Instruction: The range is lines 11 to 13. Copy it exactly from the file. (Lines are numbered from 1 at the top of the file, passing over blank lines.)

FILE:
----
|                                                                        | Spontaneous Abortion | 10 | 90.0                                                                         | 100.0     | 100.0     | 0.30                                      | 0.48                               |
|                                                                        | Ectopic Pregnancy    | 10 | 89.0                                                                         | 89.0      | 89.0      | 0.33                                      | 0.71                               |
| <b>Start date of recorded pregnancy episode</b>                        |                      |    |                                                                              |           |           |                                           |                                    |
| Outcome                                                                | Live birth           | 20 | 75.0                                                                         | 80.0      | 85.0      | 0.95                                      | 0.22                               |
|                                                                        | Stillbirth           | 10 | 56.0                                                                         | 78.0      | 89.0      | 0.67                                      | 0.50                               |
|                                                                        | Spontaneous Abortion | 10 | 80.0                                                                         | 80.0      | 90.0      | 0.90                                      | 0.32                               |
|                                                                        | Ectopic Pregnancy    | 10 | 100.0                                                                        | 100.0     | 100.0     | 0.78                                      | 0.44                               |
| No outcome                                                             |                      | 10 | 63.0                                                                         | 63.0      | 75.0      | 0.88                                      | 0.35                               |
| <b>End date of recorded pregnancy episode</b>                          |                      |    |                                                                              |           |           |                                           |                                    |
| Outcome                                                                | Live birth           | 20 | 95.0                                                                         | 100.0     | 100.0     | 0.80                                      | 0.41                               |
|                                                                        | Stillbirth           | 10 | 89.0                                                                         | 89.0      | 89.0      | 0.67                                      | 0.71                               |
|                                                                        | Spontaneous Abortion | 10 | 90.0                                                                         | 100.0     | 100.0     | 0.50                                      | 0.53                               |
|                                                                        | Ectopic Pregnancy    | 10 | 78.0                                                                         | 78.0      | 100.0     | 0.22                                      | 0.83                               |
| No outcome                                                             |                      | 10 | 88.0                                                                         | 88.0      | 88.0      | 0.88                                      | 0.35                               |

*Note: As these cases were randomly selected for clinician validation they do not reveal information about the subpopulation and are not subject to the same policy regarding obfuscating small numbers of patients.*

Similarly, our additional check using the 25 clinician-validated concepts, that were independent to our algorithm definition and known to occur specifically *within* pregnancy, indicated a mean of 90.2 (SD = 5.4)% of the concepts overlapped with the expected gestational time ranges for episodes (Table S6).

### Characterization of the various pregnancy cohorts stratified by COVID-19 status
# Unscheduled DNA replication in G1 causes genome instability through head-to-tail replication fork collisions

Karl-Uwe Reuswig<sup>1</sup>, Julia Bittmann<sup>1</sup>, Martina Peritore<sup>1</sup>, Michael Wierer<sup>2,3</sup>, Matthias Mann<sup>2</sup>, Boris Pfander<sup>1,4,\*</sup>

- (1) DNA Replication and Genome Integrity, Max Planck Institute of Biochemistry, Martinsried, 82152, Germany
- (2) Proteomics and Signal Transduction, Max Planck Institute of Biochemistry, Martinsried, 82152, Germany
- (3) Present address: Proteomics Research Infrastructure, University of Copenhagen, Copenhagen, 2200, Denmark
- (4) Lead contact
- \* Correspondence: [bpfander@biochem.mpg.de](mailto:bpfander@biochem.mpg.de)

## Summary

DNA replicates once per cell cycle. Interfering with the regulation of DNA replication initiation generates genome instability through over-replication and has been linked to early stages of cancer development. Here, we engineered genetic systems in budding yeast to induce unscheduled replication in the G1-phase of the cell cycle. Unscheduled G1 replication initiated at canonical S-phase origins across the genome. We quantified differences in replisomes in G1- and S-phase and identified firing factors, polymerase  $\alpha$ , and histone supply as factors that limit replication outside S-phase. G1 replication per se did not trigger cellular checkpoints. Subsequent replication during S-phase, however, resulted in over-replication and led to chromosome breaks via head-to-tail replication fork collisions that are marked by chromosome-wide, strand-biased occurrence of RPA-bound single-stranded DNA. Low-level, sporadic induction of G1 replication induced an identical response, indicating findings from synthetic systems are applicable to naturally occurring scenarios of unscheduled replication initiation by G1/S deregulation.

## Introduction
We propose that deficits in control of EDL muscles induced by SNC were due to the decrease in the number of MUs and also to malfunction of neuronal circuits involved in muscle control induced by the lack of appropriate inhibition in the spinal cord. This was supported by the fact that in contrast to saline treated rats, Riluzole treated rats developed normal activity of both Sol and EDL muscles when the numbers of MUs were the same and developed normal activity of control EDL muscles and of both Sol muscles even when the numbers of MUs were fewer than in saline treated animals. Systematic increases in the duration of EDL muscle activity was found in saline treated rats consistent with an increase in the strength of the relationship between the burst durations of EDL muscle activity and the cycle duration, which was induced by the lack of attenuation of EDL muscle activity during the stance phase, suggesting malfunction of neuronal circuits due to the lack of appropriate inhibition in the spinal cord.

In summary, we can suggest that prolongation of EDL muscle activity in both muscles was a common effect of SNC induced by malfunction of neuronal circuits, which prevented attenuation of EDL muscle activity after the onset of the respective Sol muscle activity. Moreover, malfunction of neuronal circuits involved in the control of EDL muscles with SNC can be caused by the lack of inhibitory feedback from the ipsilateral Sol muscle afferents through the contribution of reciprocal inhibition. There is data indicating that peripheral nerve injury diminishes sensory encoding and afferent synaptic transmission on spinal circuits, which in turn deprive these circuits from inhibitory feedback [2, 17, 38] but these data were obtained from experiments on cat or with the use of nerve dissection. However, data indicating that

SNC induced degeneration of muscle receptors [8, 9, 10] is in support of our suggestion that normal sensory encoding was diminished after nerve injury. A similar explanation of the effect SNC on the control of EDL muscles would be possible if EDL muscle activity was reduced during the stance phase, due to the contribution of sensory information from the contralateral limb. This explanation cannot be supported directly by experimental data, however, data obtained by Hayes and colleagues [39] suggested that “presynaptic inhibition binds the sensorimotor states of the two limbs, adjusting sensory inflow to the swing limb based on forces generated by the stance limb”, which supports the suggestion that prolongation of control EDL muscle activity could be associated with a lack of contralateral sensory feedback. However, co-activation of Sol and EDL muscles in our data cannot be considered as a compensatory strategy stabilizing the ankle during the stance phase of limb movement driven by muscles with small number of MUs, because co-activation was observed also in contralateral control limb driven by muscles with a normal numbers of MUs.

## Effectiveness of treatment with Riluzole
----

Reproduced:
|                                                                        | Stillbirth           | 10 | 89.0                                                                         | 89.0      | 89.0      | 0.67                                      | 0.71                               |
|                                                                        | Spontaneous Abortion | 10 | 90.0                                                                         | 100.0     | 100.0     | 0.50                                      | 0.53                               |
|                                                                        | Ectopic Pregnancy    | 10 | 78.0                                                                         | 78.0      | 100.0     | 0.22                                      | 0.83                               |